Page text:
Fill the Void | Director Rama Burshtein | Score: 6.3
As far as strict class-regimented closed societies go, the 18th century British upper-middle-class of Jane Austen’s England have nothing on the ultra-Orthodox Jewish clans of the modern era.
For them, marriages aren’t any kind of freewheeling love celebrations between a couple of crazy kids, rather they are precisely orchestrated and meticulously planned unassailable events decided upon between two families who think they have their children’s best interest at heart, even as they may ignore their wishes. With thousands of years of history behind them, they’re match-making with a battering ram instead of a rose.
Consider the plight of Shira (Hadas Yaron), a pretty and mostly docile young woman on the cusp of finding out with whom her parents determine she’ll spending the rest of her days. When we first see her and her mother, Rivka (Irit Sheleg), they are huddled together in their local Tel Aviv grocery store, surreptitiously eyeing the young man they think she’ll be marrying. Shortly thereafter, however, fate intervenes: Shira’s older sister, Esther (Renana Raz), married to a kind and gentle man named Yochay (Yiftach Klein), suddenly falls unconscious on the eve of giving birth to their first child.
The child is saved, but the mother dies, leaving a gaping hole in the family and Yochay without a wife to help him care for the young infant. Rather than see him move away — taking her only grandchild with him — Rivka hatches a scheme to have him quickly marry Shira, to the consternation of both her daughter and her husband, the rabbi Aharon (Chayim Sharir). What follows, then, is a thoughtful drama of manners and desires, though the film never makes it easy on its characters, with Shira feeling the immense pressure placed unfairly on her shoulders by her resolute mother, trying to determine what, if anything, she actually feels for her former brother-in-law.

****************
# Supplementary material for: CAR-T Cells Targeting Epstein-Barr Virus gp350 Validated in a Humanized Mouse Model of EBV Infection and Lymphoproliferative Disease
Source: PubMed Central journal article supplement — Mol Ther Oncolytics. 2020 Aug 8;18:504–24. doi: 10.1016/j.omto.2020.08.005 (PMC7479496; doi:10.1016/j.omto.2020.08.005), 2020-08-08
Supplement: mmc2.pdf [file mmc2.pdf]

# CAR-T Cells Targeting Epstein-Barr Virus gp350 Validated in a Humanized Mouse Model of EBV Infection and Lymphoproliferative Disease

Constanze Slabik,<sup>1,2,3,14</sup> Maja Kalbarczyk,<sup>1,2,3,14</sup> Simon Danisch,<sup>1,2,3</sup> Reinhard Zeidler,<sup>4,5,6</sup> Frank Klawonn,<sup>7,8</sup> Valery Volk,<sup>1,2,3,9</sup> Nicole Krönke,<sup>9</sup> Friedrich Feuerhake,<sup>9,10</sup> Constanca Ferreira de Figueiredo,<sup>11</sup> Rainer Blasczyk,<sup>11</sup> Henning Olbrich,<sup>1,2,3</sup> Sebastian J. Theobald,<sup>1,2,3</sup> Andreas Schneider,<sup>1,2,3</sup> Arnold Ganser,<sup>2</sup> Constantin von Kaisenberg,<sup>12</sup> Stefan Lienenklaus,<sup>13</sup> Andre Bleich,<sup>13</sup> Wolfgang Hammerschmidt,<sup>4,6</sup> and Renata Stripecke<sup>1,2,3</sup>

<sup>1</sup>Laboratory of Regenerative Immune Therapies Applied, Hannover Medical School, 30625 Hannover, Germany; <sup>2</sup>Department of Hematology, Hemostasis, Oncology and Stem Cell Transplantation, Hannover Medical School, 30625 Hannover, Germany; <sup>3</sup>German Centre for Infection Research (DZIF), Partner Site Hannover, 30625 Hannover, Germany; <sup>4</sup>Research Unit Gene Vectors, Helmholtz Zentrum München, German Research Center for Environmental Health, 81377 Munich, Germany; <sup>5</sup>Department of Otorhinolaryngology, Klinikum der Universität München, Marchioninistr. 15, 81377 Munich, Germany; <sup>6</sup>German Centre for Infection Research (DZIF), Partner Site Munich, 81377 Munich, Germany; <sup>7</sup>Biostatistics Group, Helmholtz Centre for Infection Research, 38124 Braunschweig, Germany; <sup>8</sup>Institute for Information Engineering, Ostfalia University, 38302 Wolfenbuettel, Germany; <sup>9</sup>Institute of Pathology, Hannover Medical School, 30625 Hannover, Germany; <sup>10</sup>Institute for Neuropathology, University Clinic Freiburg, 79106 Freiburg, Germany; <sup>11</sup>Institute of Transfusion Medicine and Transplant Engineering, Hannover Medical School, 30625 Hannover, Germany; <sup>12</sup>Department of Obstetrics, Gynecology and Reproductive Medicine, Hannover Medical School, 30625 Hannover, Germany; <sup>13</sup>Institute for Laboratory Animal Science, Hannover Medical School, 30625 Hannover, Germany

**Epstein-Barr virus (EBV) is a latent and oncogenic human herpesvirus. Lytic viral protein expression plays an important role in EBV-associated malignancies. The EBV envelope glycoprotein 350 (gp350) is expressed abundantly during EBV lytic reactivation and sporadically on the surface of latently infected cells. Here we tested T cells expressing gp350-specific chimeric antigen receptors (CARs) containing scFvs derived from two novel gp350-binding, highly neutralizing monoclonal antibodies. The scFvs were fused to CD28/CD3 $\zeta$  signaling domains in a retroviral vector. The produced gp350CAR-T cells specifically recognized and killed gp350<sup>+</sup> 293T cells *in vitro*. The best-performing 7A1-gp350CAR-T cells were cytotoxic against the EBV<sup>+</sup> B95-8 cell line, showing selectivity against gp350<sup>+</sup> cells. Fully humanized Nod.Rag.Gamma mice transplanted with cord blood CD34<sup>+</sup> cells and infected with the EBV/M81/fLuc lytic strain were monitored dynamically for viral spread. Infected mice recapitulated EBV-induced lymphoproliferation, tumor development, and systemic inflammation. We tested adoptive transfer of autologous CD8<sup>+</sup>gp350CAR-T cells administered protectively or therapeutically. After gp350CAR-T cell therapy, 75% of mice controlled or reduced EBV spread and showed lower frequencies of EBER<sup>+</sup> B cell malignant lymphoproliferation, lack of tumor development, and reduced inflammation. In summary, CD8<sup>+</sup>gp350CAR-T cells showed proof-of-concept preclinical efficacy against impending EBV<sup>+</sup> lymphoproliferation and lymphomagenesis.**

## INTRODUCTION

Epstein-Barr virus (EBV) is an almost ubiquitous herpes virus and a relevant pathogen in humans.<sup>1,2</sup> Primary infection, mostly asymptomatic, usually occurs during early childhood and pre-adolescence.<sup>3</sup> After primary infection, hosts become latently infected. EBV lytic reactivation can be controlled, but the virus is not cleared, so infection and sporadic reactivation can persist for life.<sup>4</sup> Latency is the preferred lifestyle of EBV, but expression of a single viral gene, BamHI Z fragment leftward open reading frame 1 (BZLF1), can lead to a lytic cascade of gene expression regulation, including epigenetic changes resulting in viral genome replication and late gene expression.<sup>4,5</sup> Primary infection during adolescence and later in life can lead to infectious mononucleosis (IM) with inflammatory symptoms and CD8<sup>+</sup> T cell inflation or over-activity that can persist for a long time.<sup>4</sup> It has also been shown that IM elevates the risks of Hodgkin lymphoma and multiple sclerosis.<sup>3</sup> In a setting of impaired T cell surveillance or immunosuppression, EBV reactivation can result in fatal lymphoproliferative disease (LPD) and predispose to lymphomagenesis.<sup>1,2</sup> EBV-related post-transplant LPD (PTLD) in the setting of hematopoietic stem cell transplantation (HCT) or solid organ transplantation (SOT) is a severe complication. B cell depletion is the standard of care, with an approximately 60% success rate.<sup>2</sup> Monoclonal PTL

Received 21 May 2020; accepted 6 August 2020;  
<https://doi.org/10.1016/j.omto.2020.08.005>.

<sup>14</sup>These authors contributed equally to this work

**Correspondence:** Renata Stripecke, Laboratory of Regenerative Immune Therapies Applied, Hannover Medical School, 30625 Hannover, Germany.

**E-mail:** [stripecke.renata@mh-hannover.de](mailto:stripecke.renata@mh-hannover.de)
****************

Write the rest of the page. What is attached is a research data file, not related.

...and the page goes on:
The film, from director Rama Burshtein, has the soft-focus glow and slightly over-exposed sheen of a fairy tale, only Burshstein’s would-be princess has an awful lot of vicissitudes to work her way cautiously through before making any kind of decision.
In the film’s best scene, Shira meets with Yochay to discuss the possibility of their betroval, only she ends up trying to re-direct his interest to another woman, Freida (Hila Feldman), perpetually the sect’s old maid, who had claimed to her earlier in the day it was what her sister would have wanted. His pride mortally wounded, Yochay storms out of their meeting, leaving Shira even more bereft and confused than before.
As the romantic foils, Yaron and Klein have an engaging chemistry, tender but tentative, and laced with the knowledge that its truly not what either one of them would have chosen, left to their own devices. Yochay, because he deeply loved his first wife; Shira, because the whole idea of marrying her former brother-in-law feels disrespectful to her sister’s memory. It’s a choice she desperately doesn’t want to have to make.
Which is most of the point: In this society, one steeped in male dominance and female subservience, for a young woman to actually carve out the space to make a decision of her own, is something of an anomaly. We follow Shira’s various emotional stages, and watch her get buffeted endlessly about by forces she has absolutely no control over. Because of this — much like Austen’s Emma Woodhouse or Marianne Dashwood — the choice she ultimately makes is far less important than the fact that she actually gets to make one in the first place.
Piers Marchant is a Philly-based writer and editor, and the EIC (and film critic) for two.one.five magazine (215mag.com). His reviews can be found on 215mag.com and his tumblr blog, Sweet Smell of Success. You can also follow him on twitter @kafkaesque83.
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